• Jenny Lynn Keller

Wonky Sprouts


Just about everyone likes homegrown tomatoes and fresh corn. But I’m sorry to say cucumbers picked from the vine receive less affection. Mention cucumbers in a crowd of hungry folks, and opinions range from love to hate with few in between. If the haters tasted a small sweet cucumber from my garden the last few summers, perhaps their dislike would change. Not this year, even I don’t like them. I planted fresh seed from a new unopened package, added a little organic fertilizer, and waited for the tiny two-leaf sprouts. And waited . . . and waited . . . and finally three petite plants appeared. What happened next nearly broke my gardener’s green thumb. Call it a Jack-in-the-Beanstalk experience or Night-of-the-Cucumber Snatchers because my inch-long cucumbers morphed into T-ball bats overnight. If the cukes weren’t attached to the vines, I would’ve sworn someone stole my babies and replaced them with giants. Tasteless, all seeds, and tough skin giants. Yuck.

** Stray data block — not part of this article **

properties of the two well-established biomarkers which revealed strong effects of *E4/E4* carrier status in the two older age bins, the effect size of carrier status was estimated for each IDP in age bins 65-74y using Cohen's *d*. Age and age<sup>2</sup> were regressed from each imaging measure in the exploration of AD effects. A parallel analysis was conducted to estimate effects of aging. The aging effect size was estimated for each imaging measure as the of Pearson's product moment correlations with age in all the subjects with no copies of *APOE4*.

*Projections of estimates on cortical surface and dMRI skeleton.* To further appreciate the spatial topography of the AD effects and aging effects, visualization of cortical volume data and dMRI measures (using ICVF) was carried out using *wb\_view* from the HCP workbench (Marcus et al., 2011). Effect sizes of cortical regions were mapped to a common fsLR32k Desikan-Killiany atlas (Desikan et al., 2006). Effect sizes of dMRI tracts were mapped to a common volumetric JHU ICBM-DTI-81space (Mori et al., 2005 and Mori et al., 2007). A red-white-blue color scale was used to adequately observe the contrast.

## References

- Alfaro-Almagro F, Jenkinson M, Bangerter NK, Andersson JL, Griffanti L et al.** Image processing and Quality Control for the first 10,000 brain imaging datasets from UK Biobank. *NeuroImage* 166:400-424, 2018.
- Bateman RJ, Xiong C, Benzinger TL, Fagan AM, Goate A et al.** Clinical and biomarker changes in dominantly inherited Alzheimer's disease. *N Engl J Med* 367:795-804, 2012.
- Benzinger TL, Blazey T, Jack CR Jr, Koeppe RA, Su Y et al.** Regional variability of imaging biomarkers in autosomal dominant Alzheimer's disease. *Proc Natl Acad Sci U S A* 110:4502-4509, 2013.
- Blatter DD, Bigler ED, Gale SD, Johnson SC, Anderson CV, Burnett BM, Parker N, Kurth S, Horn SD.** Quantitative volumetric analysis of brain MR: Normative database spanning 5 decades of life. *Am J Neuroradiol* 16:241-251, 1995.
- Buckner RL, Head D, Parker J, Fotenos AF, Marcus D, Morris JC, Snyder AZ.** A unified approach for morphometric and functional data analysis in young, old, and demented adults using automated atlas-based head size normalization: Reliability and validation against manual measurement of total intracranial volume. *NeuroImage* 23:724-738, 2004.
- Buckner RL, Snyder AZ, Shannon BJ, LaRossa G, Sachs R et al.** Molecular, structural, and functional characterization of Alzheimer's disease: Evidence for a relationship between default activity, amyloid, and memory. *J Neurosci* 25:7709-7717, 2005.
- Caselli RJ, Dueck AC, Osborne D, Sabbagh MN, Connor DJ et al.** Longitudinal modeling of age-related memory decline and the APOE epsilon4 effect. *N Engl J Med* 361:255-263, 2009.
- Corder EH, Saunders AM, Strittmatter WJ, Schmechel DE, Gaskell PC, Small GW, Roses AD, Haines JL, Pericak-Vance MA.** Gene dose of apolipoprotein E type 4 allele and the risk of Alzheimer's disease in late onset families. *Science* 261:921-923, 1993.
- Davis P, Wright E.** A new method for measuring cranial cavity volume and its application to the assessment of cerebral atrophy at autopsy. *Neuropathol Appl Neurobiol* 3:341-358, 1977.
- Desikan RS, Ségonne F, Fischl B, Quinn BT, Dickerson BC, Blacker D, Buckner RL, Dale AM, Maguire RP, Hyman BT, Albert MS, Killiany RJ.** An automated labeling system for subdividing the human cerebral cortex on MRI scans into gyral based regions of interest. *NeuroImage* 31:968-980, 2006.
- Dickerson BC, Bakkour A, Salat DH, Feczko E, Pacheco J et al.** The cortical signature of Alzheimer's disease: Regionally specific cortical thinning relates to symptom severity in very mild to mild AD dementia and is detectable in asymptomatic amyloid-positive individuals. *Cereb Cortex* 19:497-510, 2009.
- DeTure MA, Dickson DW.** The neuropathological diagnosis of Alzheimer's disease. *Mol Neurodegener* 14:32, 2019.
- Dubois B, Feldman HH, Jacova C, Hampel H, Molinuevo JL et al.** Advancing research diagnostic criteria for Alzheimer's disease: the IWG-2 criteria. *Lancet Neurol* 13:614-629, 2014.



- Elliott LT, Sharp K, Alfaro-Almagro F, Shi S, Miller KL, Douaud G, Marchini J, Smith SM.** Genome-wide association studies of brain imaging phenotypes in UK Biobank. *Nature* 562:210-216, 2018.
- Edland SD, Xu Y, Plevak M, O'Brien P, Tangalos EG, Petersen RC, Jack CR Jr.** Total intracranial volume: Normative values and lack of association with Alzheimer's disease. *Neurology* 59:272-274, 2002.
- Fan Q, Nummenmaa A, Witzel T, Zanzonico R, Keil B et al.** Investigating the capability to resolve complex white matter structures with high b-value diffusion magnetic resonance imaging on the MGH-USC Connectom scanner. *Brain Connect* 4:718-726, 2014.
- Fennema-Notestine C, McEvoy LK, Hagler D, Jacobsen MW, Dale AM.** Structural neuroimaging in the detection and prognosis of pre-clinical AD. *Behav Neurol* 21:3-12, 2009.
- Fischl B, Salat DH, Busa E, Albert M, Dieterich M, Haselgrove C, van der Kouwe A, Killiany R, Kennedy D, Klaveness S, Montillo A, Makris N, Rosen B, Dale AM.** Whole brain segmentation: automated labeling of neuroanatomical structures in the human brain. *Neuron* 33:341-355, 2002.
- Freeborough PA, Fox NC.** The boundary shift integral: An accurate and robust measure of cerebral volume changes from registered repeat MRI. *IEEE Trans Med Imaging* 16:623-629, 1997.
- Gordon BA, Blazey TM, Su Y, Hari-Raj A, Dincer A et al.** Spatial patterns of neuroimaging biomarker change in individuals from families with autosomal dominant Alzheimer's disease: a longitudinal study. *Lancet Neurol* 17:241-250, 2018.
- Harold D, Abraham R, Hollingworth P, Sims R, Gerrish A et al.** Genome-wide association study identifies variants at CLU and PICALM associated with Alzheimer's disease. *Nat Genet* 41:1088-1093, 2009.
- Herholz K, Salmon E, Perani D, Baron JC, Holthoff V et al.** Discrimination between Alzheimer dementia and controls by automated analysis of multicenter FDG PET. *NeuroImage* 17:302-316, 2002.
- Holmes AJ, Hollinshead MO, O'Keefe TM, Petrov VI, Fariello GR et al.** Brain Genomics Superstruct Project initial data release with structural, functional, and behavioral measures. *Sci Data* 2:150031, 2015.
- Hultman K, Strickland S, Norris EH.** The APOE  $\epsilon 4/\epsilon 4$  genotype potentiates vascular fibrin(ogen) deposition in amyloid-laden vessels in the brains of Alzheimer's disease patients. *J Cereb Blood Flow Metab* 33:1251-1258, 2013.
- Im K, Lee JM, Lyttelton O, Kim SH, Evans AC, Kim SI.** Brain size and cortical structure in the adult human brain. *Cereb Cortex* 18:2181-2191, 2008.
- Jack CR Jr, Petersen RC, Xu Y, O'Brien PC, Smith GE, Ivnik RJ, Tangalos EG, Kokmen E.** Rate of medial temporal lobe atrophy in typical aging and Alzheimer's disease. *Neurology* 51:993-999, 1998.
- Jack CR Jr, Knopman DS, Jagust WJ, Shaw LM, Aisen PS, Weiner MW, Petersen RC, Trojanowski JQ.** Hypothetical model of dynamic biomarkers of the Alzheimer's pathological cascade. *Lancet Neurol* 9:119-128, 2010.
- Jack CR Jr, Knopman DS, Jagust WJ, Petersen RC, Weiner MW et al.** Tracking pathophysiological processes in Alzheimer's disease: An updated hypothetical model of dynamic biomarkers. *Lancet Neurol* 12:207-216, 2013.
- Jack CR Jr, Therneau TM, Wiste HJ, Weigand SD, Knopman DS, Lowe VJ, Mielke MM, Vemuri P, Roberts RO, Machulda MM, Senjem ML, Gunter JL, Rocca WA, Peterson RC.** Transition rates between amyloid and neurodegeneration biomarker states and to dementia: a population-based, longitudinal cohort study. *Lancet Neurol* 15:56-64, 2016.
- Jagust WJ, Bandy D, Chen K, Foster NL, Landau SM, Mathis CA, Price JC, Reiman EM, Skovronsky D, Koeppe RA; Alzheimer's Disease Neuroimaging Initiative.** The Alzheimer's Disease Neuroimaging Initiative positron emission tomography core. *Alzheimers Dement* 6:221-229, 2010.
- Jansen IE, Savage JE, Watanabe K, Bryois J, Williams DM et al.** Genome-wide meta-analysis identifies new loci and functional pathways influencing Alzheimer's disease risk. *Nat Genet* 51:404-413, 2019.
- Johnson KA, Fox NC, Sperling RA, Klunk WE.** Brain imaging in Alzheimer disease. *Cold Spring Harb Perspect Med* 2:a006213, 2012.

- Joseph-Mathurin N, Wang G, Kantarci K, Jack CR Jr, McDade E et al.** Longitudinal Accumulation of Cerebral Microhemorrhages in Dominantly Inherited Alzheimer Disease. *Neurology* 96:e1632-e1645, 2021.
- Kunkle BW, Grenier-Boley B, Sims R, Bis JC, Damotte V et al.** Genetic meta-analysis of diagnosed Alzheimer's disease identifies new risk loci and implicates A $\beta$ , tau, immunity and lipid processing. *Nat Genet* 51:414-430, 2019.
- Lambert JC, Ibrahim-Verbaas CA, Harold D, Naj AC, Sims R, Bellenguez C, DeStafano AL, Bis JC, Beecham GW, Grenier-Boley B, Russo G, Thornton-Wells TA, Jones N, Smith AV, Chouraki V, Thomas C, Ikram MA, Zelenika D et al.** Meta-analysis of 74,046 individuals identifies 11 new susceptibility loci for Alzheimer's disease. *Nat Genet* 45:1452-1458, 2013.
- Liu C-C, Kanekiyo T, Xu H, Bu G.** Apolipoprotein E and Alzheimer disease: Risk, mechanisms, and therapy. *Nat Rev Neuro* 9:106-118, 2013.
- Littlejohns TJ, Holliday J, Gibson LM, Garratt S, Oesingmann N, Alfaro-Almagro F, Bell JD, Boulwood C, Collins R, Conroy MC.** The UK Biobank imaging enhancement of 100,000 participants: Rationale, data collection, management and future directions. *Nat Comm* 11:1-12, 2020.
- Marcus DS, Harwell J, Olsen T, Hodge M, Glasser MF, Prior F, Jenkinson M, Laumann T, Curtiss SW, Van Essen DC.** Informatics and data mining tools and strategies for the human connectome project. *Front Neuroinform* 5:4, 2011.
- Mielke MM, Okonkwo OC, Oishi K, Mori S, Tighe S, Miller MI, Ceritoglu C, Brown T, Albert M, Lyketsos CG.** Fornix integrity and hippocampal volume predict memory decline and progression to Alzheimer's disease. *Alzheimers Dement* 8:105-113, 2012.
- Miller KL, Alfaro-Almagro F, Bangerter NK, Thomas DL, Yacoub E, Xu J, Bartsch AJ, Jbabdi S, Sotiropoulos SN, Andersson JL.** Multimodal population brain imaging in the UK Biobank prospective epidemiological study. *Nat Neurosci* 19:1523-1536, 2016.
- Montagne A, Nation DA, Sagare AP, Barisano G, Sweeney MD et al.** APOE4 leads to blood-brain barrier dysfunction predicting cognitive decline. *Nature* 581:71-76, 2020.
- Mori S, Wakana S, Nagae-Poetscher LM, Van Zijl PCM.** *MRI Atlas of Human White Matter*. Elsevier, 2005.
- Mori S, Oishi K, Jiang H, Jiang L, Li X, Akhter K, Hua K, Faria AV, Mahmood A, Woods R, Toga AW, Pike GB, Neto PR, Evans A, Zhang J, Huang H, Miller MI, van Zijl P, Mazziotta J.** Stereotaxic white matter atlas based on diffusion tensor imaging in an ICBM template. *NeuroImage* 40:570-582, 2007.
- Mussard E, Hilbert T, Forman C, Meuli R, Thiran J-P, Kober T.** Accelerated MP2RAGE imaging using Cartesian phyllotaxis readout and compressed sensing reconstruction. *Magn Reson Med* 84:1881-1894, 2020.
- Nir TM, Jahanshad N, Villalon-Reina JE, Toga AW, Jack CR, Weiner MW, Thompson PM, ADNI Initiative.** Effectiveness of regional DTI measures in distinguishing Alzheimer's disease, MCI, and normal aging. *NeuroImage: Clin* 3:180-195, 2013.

Was my cucumber disaster caused by too much rain, too little sun, early heat wave, or wrong seed in the package? Whatever the answer, the result is a bumper crop of tomatoes instead, so all is good. Live long enough, and you experience the same ups and downs in life. The story in Genesis of Joseph being sold into slavery by his brothers is a perfect example. When Joseph rises to Egypt’s second-in-command, he tells them in Genesis 50:20, “Don’t you see, you planned evil against me but God used those same plans for my good, as you see all around you right now—life for many people.” Joseph saved the nation from famine by storing up food for the lean years. No wonky cucumbers in his garden.


What’s your opinion of garden-fresh cucumbers? Love, hate, favorite way to eat them?

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